on Michelle Latiolais’s art of bereavement.
Bellevue Literary Press, February 2011. 192 pp.
Michelle Latiolais’s characters know a thing or two about grief and loss, and about the painful journey of self-healing. In Latiolais’s first novel Even Now, an adolescent gets caught between the warring of her narcissistic parents; in her follow-up, A Proper Knowledge, a middle-aged psychiatrist, isolated and mourning his long-dead sister, falls for a woman wrapped tightly within her own protective shroud. Now, with Widow, Latiolais wades bravely and directly back into that fearsome terrain, this time in short story form, making fine use of her predilection for suspended moments, imagistic details, and juxtaposition. Part meditation on connections and disconnections, part fictionalized memoir written in the wake of her husband’s death, these stories, narrated in each instance by a female voice if not necessarily a bereaved one, conjure a shifty world in which most everyone is scarred from the routine violence of living. They shift in style from essayistic to impressionistic, and vary widely in scope: some moments unfold in paragraphs and minutes, while others span pages and years. Their story lines are often deceptively slim and static, as Latiolais’s characters attend a church service or wander into a strip club, sit through a dismal first date or stand ironing napkins for a dinner party, against a backdrop of museums, doctor’s offices, rural Uganda or a Los Angeles coffee shop. That’s because Latiolais’s true narrative focus is on the inner landscape of her protagonists. Even other characters come off as slight and peripheral, mere reference points for the common preoccupations of the narrators.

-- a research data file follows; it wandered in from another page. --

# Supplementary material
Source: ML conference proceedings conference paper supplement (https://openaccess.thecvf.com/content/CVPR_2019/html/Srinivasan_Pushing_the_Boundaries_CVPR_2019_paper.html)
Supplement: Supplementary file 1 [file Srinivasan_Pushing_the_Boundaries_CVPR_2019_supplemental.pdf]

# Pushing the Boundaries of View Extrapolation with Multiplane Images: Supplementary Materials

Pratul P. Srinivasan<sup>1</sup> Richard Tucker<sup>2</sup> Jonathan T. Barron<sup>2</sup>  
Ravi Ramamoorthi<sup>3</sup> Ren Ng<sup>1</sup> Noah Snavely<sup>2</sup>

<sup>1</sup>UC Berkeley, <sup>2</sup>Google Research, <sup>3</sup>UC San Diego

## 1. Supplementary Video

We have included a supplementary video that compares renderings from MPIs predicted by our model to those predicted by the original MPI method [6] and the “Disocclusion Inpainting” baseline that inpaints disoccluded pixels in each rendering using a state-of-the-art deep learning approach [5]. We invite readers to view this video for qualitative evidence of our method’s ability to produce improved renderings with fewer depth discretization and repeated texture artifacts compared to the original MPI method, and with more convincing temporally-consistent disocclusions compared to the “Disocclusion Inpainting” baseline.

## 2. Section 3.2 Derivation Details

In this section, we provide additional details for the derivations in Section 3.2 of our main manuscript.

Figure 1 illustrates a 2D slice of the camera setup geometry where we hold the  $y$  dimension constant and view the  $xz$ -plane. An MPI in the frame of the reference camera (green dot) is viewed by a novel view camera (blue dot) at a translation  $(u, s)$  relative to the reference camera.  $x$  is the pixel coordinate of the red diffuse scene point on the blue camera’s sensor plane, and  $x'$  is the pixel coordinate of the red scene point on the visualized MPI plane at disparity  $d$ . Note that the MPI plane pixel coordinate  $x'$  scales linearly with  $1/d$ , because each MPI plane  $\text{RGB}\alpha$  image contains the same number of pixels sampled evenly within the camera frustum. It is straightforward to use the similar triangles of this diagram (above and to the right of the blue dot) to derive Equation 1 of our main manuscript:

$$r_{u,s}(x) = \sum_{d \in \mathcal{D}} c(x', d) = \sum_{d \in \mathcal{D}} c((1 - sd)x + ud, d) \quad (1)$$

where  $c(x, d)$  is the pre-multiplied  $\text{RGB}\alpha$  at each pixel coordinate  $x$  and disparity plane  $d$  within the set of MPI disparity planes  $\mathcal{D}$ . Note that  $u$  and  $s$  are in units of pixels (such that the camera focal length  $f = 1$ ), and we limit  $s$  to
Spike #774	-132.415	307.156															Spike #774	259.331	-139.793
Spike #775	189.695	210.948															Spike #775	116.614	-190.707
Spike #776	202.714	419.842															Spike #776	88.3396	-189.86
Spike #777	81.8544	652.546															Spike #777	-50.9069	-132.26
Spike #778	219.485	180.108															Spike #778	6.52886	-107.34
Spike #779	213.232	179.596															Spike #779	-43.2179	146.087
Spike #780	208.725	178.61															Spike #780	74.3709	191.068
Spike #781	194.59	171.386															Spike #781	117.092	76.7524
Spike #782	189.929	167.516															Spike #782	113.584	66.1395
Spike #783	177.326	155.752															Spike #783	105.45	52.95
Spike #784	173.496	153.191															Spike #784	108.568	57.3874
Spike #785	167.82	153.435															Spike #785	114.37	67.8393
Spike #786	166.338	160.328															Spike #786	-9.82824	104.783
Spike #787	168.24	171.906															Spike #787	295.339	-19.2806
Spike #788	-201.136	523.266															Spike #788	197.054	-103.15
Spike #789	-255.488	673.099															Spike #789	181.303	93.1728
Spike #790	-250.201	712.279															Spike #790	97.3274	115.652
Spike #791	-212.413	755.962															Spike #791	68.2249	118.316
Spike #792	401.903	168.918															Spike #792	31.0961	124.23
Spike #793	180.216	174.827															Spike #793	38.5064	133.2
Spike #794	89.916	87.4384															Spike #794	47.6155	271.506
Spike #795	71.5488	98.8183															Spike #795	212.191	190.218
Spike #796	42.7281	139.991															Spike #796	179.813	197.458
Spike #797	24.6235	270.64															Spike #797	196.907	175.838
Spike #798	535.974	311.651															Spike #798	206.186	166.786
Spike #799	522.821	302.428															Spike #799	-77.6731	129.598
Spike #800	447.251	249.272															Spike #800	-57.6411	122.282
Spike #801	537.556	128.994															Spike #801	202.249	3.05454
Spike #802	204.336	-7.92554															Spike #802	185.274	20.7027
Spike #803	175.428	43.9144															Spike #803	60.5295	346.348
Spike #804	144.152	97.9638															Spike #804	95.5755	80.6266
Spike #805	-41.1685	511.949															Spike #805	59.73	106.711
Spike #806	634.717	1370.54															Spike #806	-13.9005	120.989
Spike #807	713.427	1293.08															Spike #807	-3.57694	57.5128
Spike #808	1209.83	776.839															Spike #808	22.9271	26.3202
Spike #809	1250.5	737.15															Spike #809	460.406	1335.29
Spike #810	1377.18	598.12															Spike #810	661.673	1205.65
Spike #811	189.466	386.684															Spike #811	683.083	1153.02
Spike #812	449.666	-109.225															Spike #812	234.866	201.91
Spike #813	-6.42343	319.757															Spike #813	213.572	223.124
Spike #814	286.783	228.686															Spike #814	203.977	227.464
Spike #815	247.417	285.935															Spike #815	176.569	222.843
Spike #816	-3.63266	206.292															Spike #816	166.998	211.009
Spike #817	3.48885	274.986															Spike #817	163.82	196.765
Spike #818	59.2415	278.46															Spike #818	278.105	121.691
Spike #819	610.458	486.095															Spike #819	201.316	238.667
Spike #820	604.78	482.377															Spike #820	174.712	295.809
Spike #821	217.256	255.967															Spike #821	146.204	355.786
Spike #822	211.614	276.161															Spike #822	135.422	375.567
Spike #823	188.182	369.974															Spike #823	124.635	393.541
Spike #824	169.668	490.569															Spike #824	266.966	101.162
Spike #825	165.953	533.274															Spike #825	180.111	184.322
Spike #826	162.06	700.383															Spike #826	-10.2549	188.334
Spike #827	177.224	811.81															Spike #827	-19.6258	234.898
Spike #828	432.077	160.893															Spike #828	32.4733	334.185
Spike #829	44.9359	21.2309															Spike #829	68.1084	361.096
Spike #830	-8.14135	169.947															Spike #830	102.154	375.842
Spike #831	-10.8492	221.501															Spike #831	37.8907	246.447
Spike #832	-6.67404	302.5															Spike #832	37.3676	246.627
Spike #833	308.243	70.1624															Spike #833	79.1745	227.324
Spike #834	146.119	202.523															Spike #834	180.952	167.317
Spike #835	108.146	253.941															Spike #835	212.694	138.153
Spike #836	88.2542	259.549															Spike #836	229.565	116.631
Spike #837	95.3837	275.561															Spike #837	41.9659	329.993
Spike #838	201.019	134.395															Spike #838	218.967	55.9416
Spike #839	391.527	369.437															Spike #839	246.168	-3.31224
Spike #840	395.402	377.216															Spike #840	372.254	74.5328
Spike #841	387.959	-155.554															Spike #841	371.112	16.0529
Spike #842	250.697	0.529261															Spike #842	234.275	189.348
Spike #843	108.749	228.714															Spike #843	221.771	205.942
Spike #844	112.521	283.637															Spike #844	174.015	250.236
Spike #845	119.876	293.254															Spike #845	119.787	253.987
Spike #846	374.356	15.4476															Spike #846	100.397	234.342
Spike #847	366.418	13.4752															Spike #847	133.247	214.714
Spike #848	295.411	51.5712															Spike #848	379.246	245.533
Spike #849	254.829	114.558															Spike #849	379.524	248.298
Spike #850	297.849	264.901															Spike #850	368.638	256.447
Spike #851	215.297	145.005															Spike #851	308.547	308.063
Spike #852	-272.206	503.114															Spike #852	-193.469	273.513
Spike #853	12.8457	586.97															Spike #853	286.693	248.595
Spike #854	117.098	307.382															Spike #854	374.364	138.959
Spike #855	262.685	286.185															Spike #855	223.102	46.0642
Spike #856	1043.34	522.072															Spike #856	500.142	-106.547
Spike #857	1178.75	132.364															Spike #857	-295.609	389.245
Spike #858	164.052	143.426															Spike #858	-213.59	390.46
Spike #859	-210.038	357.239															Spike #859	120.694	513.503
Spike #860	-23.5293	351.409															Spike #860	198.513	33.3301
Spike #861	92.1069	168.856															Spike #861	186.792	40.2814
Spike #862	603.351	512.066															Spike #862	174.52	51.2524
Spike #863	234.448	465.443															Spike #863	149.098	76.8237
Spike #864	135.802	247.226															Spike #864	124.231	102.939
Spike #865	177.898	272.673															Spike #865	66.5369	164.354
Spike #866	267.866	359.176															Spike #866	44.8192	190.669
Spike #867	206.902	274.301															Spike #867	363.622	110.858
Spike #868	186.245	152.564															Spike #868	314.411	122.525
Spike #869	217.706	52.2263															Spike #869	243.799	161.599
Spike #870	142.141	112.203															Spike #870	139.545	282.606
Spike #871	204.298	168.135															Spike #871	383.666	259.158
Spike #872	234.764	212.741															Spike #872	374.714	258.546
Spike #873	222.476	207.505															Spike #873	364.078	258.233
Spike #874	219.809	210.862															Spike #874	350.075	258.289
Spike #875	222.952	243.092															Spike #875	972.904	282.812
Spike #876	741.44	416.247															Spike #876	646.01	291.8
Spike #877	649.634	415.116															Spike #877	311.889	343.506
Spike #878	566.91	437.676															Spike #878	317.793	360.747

Take “Caduceus,” one of the two Pushcart-nominated stories contained in Widow: it opens on a new widow, standing before her coffee grinder, nearly overwhelmed by the dawn of another day. Her heart races, and again, she tries to argue herself into making an appointment so that the doctor can calm her hyperthyroidism: